With the advent of the space economy, NSTC is committed to the development of the space industry and related technology, and therefore promotes the entry of Taiwan-manufactured space products into supply chains. Furthermore, NARLabs' National Space Organization (NSPO), as a part of NSTC, aims to enhance Taiwan's capabilities in space component testing, and on Sept. 30 signed a memorandum of cooperation with National Taiwan University Hospital (NTUH)'s Cancer Center. The NTU Cancer Center will provide proton therapy equipment to simulate high-energy proton radiation that would occur in a space environment, thereby assisting domestic manufacturers with conducting radiation tests for electronic space components.
NSPO Director General Jong-Shinn Wu stated that after the promulgation of the Space Development Act, NSPO has been given greater responsibility to promote the development of Taiwan's space technology and industry, in addition to running existing space programs and research missions. Among its expanded responsibilities, the building up of testing capabilities and the development of radiation test specifications are crucial to the space industry, as they will assist in the selection of radiation-resistant space components. In the past, electronic space components developed in Taiwan had to be sent abroad for radiation testing, which is time-consuming and expensive. Therefore, NSPO combined the strengths of Taiwan's industry, government, academia, research, and medical sectors to build up the capability to conduct the tests independently. This will significantly lower the cost of radiation testing, reduce the inconvenience of transporting personnel and equipment, and increase flexibility in testing schedules and projects.
In 2019, NSPO signed a memorandum of cooperation with Chang Gung Memorial Hospital in Linkou and Chang Gung University, and in 2020, it joined hands with these two institutions, as well as the Institute of Nuclear Energy Research of the Executive Yuan's Atomic Energy Council, Integrated Service Technology Inc. (iST), National Tsing Hua University's Nuclear Science and Technology Development Center, and the Institute of Physics of Academia Sinica to jointly establish the Taiwan Space Radiation Testing Consortium. In the beginning of 2022, NSPO also signed a memorandum of cooperation with Taipei Veterans General Hospital. Through these collaborative efforts, NSPO has been able to meet demand for proton, photon, and heavy particle radiation testing. However, with the increase in the number of tests, proton radiation testing capacity also needs to be expanded. Cooperation with the NTU Cancer Center is expected to relieve the testing load and meet the needs of domestic manufacturers.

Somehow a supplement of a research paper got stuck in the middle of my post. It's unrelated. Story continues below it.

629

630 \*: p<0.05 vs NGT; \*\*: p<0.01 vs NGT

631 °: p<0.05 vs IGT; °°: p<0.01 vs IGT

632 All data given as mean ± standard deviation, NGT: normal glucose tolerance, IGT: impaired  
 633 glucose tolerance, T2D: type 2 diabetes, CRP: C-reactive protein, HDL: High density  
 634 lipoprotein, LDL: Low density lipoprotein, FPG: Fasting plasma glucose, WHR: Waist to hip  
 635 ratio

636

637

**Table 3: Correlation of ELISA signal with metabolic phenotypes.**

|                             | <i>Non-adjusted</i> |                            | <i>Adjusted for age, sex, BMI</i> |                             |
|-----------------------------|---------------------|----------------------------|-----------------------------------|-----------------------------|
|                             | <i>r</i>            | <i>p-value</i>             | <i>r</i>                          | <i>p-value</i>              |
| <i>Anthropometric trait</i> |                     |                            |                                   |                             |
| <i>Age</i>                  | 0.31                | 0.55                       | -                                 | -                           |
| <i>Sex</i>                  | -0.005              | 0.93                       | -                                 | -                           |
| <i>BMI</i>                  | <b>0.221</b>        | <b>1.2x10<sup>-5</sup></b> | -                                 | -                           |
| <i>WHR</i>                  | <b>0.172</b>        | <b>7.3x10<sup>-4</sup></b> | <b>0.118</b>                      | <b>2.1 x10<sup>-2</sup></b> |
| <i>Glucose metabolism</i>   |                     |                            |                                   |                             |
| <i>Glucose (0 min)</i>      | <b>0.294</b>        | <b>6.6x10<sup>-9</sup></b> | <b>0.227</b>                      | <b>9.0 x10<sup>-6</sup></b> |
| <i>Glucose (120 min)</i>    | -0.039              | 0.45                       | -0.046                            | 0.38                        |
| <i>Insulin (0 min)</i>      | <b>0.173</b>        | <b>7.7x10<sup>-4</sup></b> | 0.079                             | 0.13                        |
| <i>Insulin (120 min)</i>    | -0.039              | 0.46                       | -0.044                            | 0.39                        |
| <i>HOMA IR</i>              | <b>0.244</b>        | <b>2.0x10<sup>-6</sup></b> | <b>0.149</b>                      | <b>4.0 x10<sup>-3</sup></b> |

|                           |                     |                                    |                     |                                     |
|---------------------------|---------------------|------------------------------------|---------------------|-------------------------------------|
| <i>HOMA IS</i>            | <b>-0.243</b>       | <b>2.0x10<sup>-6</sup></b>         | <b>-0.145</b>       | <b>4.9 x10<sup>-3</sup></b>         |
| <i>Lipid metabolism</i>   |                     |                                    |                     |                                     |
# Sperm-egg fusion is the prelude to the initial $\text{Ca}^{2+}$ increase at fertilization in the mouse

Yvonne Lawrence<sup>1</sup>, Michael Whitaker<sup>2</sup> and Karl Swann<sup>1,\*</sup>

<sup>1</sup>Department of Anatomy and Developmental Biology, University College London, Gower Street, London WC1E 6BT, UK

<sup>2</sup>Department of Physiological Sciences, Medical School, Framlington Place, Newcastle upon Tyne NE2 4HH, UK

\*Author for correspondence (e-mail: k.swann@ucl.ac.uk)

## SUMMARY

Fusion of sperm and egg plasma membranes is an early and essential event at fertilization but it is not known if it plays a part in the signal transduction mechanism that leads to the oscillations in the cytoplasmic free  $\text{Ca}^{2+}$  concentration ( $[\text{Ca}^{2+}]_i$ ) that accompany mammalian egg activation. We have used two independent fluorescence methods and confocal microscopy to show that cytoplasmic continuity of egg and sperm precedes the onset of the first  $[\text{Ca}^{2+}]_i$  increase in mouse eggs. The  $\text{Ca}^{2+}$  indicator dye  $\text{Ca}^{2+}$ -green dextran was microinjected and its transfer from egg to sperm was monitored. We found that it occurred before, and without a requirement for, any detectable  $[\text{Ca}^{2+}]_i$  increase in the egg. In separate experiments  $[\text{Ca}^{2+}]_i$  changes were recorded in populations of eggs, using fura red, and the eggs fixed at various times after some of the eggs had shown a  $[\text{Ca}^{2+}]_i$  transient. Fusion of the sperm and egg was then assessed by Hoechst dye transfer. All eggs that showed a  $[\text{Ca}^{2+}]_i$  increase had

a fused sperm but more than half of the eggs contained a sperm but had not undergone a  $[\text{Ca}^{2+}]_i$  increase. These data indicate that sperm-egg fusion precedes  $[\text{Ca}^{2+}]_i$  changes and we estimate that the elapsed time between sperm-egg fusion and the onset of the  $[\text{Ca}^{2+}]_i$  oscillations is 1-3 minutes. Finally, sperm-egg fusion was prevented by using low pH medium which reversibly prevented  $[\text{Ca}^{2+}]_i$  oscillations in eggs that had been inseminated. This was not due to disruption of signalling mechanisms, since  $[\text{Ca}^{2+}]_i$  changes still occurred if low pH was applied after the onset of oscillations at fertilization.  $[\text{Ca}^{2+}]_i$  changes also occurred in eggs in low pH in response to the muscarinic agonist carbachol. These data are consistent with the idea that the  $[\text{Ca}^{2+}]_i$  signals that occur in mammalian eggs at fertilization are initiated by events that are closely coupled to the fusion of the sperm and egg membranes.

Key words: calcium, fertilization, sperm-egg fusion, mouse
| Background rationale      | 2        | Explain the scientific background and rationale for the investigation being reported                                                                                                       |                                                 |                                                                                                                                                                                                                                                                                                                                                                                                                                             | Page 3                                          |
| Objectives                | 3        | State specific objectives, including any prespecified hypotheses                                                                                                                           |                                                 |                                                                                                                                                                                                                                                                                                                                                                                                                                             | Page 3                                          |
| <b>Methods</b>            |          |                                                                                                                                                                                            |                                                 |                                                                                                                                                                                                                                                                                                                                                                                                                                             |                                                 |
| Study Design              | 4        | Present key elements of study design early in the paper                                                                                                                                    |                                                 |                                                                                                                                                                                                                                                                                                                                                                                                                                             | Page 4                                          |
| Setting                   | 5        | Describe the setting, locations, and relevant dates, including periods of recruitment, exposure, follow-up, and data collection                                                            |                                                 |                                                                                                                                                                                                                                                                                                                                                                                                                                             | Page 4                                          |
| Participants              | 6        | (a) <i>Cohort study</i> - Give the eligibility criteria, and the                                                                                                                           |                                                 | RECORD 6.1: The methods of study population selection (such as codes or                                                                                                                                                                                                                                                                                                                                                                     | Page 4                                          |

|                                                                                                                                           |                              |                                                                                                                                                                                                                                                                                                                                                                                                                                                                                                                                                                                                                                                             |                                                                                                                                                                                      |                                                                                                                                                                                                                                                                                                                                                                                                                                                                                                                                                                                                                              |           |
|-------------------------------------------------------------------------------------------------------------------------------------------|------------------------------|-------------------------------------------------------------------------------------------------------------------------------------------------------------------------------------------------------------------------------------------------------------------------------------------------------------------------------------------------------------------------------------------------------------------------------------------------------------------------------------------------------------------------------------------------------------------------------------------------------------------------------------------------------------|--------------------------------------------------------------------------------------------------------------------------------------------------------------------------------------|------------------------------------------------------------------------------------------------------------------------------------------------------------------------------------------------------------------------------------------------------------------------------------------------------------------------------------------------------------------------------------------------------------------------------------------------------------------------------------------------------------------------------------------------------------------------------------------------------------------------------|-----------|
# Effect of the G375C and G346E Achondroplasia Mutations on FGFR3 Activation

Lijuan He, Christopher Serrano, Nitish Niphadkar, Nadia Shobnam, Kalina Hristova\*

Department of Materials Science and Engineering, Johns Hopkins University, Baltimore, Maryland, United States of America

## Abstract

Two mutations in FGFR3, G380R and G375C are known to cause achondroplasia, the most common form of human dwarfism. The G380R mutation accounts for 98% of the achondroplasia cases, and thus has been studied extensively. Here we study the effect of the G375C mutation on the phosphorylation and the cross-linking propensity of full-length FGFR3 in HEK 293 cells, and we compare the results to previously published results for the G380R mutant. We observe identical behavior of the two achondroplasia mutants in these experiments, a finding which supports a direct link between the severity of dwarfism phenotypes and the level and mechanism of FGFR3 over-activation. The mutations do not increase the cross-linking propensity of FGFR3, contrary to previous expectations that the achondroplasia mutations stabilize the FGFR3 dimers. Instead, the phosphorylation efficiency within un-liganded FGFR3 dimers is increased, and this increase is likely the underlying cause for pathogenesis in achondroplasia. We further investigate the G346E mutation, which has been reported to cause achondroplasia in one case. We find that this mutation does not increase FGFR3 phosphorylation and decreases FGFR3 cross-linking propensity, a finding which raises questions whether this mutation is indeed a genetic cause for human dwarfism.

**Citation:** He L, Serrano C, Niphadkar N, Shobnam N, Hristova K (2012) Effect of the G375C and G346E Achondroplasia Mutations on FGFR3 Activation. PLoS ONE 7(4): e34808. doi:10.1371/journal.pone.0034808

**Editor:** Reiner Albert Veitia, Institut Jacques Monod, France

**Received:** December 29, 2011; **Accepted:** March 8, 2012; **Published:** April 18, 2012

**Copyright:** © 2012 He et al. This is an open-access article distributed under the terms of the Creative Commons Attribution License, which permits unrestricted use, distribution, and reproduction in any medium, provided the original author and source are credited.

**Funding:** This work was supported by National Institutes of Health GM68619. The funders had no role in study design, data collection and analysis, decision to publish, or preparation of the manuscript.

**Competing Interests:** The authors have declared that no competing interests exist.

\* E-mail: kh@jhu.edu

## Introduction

NSPO explained that the components of artificial satellites are subjected to integrated testing, which simulates various environments from the Earth to outer space, including violent shaking during rocket launch, high-frequency sonic vibration, vacuum environments, and intense temperature cycling. NSPO's integrated testing facilities are equipped to assist manufacturers with such tests, but simulating radiation in a space environment requires collaboration with other parties.
In outer space, there is a lack of atmospheric protection, and fast-moving protons and heavy particles can easily damage electronic components, causing issues from short circuiting to major function loss. Therefore, these electronic components need to be tested to ensure that they can withstand the threat of particle radiation and successfully fulfill their missions in space. In outer space, protons account for 90% of all high-energy particles.
According to Dr. Kuo Sung-Hsin, Director of the Department of Radiation Oncology at the NTU Cancer Center, the latest generation of proton therapy equipment is expected to be available at NTUH in 2023. It will feature the most advanced superconducting cyclotron, high-resolution pencil beam scanning technology, and FLASH ultra-high dose rate beam quality. Not only does this equipment provide the most effective radiotherapy for medical use, but it is also suitable for testing and verification of space components.
The superintendent of the NTU Cancer Center, Dr. James Chih-Hsin Yang, stated that in addition to medical research and the space industry, high-energy proton irradiation can also be applied to the electronics, defense, and communications industries, especially in the rapidly developing Internet of Things (IoT). Such testing is also very helpful for improving the reliability of automotive devices and medical electronics. Currently, the NTU Cancer Center is working with several professors from the NTU Department of Electrical Engineering and Department of Engineering Science to develop a domestic platform for verifying semiconductor component/circuit radiation resistance in space environments. In the future, NSPO will join them to help lay important foundations for the development of the aerospace field in Taiwan.